FRAMINGHAM – Massachusetts Governor Charlie Baker today, signed a $3.9 billion capital needs budget, that includes funding for higher education campuses, health and human services facilities, state office buildings, public safety facilities, and courts.
Governor Baker signed the bill on the campus of Westfield State University, which is planning a renovation of Parenzo Hall into a state-of-the-art facility that will house technology-rich classrooms and two new academic centers.
As part of the $3.9 billion bill, MassBay Community College will receive $15 million for a “new allied health academic facility to be located in Framingham.” The facility is expected to be built on Franklin Street, although MassBay has not confirmed any details.
The Bill also provides a total of $14.3 million for Framingham State University. Eleven million is to create a “regional collaborative education center” at Whittemore library at Framingham State. Framingham State University.
Another 3.3 million is for the renovation of Crocker Hall on the Framingham campus.
“These bond authorizations will ensure our state facilities are well-maintained and well-equipped to best serve our residents and communities,” said Sen. Karen E. Spilka (D-Ashland), Chair of the Senate Committee on Ways and Means,in a media statement. “In particular, the investment in MassBay’s allied health facility in Framingham is an important first step in our continued work to bolster health and life sciences education in MetroWest.”
“This bond authorization will help support our approach to make the most productive use of taxpayer dollars while addressing the deferred maintenance backlog,” said Lt. Governor Karyn Polito, in a media release.
“This plan marks a critical turning point in the Commonwealth’s approach to capital funding for public higher education. Our goal is to maximize the use and functionality of existing spaces; align programs to meet regional and statewide workforce needs; strengthen partnerships between higher education and private sector employers; and encourage more creative and efficient use of existing spaces,” Education Secretary James Peyser said, in a press release. “We recognize our public colleges and universities face some daunting challenges when it comes to their capital assets. Our annual investment in deferred maintenance projects will be at least three times greater than in the recent past.”
The bond bill authorizes $950 million overall for public higher education investments. The Administration’s five-year Capital Investment Plan has budgeted $190 million for capital repairs, renovations and improvements at state universities and community colleges and the University of Massachusetts system in Fiscal Year 2019, including $37.3 million in FY19 for critical repairs at all 29 campuses in the state system and $50 million for significant infrastructure projects to address potential operational and life safety issues.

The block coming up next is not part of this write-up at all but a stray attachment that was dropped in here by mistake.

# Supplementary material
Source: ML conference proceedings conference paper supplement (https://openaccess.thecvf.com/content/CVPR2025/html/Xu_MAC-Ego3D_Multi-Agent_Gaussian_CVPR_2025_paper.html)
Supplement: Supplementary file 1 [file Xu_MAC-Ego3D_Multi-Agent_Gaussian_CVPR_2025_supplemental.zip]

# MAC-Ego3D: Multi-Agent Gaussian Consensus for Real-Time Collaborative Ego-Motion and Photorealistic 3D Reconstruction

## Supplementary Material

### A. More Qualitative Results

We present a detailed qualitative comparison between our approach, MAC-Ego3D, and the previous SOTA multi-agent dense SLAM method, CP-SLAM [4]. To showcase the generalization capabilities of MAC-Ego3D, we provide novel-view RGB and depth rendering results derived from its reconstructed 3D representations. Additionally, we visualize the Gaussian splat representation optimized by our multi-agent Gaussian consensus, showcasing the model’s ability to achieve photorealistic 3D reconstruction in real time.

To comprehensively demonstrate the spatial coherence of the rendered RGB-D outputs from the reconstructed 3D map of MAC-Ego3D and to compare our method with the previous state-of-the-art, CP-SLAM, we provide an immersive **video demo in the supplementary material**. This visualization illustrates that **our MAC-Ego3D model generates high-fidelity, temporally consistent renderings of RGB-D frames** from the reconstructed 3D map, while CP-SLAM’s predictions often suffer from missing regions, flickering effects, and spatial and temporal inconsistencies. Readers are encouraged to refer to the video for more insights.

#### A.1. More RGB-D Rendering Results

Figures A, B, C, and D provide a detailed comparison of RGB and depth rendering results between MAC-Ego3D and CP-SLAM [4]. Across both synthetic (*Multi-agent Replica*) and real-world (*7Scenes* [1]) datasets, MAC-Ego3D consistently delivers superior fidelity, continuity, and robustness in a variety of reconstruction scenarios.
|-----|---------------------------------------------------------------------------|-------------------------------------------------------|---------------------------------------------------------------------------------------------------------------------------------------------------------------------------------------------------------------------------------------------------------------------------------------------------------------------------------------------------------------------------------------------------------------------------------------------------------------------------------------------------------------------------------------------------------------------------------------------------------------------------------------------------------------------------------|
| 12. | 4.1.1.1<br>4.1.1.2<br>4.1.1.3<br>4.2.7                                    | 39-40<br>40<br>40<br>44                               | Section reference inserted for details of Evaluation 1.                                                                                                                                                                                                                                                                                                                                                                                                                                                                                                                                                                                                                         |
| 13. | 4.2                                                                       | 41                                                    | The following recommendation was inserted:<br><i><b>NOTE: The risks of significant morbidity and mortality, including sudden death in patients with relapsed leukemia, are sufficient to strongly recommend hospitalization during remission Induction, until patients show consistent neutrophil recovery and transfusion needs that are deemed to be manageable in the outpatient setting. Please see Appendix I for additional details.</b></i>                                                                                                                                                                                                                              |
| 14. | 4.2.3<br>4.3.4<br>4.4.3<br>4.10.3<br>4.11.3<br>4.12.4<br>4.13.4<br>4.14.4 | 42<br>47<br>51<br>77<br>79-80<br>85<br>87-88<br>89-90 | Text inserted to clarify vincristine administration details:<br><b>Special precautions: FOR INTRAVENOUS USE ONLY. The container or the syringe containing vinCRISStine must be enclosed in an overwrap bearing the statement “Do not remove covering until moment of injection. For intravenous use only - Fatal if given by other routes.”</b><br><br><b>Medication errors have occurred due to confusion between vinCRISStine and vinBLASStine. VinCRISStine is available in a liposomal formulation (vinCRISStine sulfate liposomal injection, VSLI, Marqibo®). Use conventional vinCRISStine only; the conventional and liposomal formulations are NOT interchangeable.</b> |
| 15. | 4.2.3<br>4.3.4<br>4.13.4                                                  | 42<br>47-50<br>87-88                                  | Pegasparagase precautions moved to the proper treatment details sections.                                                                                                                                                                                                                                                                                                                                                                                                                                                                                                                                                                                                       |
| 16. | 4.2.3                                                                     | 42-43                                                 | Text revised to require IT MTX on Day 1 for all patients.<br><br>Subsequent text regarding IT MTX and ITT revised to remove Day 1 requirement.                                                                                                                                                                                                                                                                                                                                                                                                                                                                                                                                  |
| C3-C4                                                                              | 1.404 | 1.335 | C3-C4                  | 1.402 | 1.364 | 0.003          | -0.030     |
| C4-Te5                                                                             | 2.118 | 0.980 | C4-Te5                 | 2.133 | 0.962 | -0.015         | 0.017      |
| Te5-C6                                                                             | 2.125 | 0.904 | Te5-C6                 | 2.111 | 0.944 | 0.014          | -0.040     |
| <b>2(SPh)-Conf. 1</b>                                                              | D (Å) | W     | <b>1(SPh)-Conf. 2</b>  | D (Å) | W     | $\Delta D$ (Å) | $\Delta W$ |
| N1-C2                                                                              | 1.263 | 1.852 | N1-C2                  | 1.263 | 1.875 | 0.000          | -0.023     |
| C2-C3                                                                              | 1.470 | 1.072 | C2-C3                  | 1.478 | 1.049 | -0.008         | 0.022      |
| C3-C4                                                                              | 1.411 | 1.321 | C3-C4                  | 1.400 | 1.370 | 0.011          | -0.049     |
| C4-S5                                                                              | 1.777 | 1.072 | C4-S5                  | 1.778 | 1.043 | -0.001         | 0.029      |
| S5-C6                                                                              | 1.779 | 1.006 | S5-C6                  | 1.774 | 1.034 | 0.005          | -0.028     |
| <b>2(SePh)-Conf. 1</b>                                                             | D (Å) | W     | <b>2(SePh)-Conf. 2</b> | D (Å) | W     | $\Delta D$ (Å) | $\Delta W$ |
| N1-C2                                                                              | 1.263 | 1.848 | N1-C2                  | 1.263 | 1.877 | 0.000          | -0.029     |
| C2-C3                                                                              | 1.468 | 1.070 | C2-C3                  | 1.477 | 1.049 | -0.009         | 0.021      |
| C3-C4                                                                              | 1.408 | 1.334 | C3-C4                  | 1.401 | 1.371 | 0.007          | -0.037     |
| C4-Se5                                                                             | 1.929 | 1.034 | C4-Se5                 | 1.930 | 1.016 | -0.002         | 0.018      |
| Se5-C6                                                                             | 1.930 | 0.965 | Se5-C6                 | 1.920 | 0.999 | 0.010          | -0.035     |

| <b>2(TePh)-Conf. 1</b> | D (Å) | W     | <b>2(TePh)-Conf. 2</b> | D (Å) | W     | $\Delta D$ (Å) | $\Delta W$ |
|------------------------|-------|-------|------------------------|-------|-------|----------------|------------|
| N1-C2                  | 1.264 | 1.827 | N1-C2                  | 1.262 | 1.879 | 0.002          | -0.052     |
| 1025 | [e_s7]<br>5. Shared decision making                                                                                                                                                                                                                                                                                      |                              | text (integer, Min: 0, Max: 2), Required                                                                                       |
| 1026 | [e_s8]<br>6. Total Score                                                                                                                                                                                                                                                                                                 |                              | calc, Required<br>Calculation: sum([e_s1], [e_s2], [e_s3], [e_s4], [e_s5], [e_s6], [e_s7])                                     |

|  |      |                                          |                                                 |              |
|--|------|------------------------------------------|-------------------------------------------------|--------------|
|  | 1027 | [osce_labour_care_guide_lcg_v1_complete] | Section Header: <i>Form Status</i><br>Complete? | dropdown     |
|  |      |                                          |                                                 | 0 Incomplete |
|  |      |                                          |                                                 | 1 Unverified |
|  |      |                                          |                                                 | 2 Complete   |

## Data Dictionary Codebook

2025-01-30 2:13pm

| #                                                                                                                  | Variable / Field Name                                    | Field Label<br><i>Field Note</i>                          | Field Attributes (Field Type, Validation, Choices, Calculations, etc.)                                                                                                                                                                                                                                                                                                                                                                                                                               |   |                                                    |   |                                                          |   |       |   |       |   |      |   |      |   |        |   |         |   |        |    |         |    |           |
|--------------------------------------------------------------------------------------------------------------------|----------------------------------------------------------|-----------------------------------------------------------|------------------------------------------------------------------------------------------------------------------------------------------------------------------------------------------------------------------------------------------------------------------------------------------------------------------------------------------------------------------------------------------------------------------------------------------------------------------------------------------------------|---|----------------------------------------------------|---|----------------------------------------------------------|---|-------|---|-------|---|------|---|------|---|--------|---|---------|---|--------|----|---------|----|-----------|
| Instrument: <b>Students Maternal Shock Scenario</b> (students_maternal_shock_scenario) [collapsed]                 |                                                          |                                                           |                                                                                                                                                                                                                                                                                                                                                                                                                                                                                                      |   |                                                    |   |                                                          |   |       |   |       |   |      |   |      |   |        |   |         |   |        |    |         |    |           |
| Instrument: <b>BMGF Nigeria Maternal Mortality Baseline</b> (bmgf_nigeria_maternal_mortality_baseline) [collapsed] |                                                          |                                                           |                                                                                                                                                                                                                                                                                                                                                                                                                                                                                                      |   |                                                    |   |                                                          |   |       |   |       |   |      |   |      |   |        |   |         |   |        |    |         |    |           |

“We are committed to funding critical repairs and capital improvements for all 29 campuses in the state’s public higher education system,” said Commissioner of Higher Education Carlos Santiago, in a media release. “This strategic investment is not only fiscally responsible and necessary, but also aligns well with the public higher education system’s goals of supporting college access, affordability and success for today’s students, and in turn the Commonwealth’s workforce and economy for decades to come.”
In addition to the $950 million for higher education projects, authorizations in the bond bill signed today include:
- $760.5 million for court facilities statewide;
- $680 million for construction, renovations, and accessibility improvements at state office buildings;
- $401 million for health and human services facilities (Governor Baker previously signed legislation authorizing $199 million for a new long-term care facility at the Soldiers’ Home in Chelsea, in November 2017);
- $500 million for public safety facilities, and an additional $20 million for public safety equipment; and
- $235 million for energy efficiency and climate change resiliency projects at state facilities.